Although the facts of the present case indicate that the defendants engaged in wrongful conduct of some sort, they are insufficient to satisfy an essential element of the crime of theft by deception, namely, the loss of something of value. It was misleading to have only Daniel Johnson's name on the payroll while the work was being performed by William and/or Daniel Johnson. The time card procedure was against Hillhaven's company policy. William Johnson's apparent receipt of income and apparent failure to report this to the Social Security Administration was probably improper. But none of this conduct deprived Hillhaven of what it bargained *51 for: full-time maintenance work. In fact, the evidence showed that Patricia Johnson was still employed by Hillhaven at the time of trial, thereby suggesting strongly that Hillhaven did not believe that it had been defrauded or deprived of its property by her.

In summary, "[o]ne who gets what he bargains for cannot be said to be defrauded." State v. Fisher, supra, 79 Utah at 120, 8 P.2d at 590. This Court has previously stated:

The mere fact that a party to a transaction may not have received all he bargained for does not give rise to civil liability. For stronger reasons the crime of obtaining money by false pretenses is not established in the absence of evidence showing, or tending to show, that the claimed victim has sustained a pecuniary or property loss by reason of the transaction relied upon.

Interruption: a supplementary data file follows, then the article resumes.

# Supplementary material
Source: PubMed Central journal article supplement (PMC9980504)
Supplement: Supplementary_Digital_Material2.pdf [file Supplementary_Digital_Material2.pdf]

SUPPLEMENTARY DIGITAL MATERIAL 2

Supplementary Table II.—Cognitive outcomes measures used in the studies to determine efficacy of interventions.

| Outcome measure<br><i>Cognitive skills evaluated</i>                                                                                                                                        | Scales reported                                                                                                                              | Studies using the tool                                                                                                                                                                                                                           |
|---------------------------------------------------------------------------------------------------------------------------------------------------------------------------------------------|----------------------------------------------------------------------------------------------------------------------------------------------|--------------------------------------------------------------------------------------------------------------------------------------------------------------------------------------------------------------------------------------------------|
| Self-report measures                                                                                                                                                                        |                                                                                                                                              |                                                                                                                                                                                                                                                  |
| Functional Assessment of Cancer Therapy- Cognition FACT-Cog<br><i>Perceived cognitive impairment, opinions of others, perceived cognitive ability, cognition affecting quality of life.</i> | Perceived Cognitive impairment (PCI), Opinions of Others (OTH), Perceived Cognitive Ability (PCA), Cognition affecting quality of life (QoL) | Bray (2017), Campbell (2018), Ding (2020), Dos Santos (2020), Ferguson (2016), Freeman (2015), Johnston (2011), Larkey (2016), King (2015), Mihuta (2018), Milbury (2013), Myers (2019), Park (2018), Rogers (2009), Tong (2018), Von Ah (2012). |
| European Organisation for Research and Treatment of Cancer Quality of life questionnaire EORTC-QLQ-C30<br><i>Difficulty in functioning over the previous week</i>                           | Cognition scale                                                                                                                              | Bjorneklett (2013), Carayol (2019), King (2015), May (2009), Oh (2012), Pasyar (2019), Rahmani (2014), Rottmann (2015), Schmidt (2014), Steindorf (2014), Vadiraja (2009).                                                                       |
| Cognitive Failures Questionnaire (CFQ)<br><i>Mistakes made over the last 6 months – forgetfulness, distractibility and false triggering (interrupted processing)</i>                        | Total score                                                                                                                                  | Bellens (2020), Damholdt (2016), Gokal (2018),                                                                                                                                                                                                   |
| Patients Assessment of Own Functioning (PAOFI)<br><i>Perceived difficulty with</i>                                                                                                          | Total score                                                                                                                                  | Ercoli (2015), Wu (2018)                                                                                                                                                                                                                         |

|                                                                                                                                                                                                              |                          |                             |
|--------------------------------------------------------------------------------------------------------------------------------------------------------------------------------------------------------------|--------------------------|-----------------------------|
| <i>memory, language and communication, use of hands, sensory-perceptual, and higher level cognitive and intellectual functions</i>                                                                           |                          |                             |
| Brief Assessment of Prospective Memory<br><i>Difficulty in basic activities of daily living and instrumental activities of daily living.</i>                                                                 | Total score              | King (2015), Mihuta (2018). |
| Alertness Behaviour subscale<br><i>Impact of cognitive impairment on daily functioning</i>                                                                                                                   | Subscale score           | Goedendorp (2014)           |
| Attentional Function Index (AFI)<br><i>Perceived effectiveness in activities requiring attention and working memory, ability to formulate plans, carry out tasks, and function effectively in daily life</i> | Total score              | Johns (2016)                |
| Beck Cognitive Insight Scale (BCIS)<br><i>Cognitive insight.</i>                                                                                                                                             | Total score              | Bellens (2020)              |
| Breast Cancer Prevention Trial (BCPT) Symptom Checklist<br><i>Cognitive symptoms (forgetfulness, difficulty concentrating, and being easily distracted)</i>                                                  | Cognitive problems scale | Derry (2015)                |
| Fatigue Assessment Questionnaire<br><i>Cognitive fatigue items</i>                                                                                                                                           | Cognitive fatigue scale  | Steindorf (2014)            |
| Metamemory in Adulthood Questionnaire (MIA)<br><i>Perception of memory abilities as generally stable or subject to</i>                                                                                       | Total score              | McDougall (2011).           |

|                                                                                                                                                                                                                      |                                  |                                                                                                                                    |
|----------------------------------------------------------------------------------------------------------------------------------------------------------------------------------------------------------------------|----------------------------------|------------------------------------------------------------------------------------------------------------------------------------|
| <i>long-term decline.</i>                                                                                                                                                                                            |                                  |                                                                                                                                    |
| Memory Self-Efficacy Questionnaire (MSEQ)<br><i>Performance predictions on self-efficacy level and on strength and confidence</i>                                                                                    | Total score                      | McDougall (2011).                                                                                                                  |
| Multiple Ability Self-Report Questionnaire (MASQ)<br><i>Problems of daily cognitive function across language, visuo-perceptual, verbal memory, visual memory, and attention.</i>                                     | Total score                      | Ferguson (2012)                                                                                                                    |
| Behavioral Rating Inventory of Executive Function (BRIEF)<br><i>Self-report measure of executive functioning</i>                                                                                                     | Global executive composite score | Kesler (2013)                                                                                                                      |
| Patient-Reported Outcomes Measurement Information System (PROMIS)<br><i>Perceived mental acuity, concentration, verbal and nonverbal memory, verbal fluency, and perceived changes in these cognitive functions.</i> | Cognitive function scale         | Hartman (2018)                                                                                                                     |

State v. Morris, supra, 85 Utah at 216, 38 P.2d at 1100. In the present case, the State has failed to prove beyond a reasonable doubt an essential element of the criminal offense of theft by deception, namely, that Hillhaven failed to get what it bargained for or that it sustained a pecuniary loss. Thus, the convictions must be reversed.

Although we reverse the convictions on the defendants' claim of insufficiency of the evidence and thus dispose of this appeal, we deem it appropriate to comment on the defendants' claim of prosecutorial misconduct. During closing argument, the prosecutor referred to William's apparent receipt of income from Hillhaven while receiving social security benefits as "double dipping." The prosecutor continued to state: "as far as I am concerned white collar crimes like this is a cancer on society." Furthermore, the prosecutor referred to Patricia's and William's signing of Daniel's Hillhaven paychecks and depositing them in their personal bank accounts as "forging of signatures." Moreover, the prosecutor made reference to Patricia's and William's filing for bankruptcy as an indication of dishonesty. The prosecutor stated that it "[d]escribes the type of person that we are dealing with." This Court has stated:

Considerable latitude is allowable in closing argument. Counsel may discuss fully both the evidence and all legitimate inferences arising from the evidence. Such argument may merit reversal if (1) the remarks called to the jurors' attention matters which they would not be justified in considering in reaching a verdict, and (2) under the circumstances, the jurors were probably influenced by the remarks.